The Dutch artist Maerten van Heemskerck became one of the most accomplished painters of religious subjects and portraits in the 16th-century Netherlands. He overcame his humble origins by working with an advanced teacher, Jan van Scorel, under whom he studied in the years around 1528. His work with Scorel, who had earlier served the Flemish pope Hadrian VI in Rome, prompted Heemskerck to travel to Italy in 1532. He spent the next several years studying antique sculpture and ruins in Rome and the surrounding countryside. His drawings capture a transformative time in the city, documenting both buildings and collections, while his landscapes and mythologies show a lively eye for composition.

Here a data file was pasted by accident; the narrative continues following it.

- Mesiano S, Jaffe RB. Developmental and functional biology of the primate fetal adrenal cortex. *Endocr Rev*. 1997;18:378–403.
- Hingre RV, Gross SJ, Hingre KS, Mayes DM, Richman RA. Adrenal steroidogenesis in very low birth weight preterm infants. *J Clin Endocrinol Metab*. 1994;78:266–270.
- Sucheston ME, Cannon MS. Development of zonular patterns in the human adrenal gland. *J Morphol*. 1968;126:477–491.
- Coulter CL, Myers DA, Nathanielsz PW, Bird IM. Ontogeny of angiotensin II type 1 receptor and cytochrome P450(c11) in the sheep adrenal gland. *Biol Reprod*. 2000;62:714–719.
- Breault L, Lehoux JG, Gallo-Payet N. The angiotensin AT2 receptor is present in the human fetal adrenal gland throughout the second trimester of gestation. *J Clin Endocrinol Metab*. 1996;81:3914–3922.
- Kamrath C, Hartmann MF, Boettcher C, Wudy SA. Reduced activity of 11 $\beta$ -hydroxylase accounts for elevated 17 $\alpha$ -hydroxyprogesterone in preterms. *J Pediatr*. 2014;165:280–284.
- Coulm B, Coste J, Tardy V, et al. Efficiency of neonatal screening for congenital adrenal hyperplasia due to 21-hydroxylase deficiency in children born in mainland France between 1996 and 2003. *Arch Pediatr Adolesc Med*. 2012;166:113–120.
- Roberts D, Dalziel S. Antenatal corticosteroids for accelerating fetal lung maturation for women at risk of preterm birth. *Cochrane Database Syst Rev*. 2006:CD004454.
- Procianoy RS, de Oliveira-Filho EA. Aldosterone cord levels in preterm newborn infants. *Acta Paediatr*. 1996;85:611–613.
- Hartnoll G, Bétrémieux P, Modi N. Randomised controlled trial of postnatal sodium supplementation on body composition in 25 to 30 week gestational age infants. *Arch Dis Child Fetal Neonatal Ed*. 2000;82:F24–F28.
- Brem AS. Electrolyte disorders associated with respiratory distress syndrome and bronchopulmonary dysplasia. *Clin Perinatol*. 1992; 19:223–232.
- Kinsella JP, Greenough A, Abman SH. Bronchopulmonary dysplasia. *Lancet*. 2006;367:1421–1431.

Upon his return to the Netherlands, Heemskerck settled in Haarlem, where by 1540 he was an officer in the painters’ guild. He received widespread acclaim and commissions for portraits, such as the Machtelt Suijs now in Cleveland, and altarpieces, such as the Alkmaar Crucifixion triptych now in the cathedral of Linköping in Sweden. The classical learning he acquired in Italy is evident in his mythological prints and paintings, including the Triumph of Bacchus, now in Vienna, which date mostly after mid-century. In 1572, the Spanish siege of Haarlem forced him to move to Amsterdam briefly, though he returned to Haarlem before his death. Abraham Offering Issac most likely dates from the artist’s early period under Scorel before the experience of Italy led him to develop a more classical style.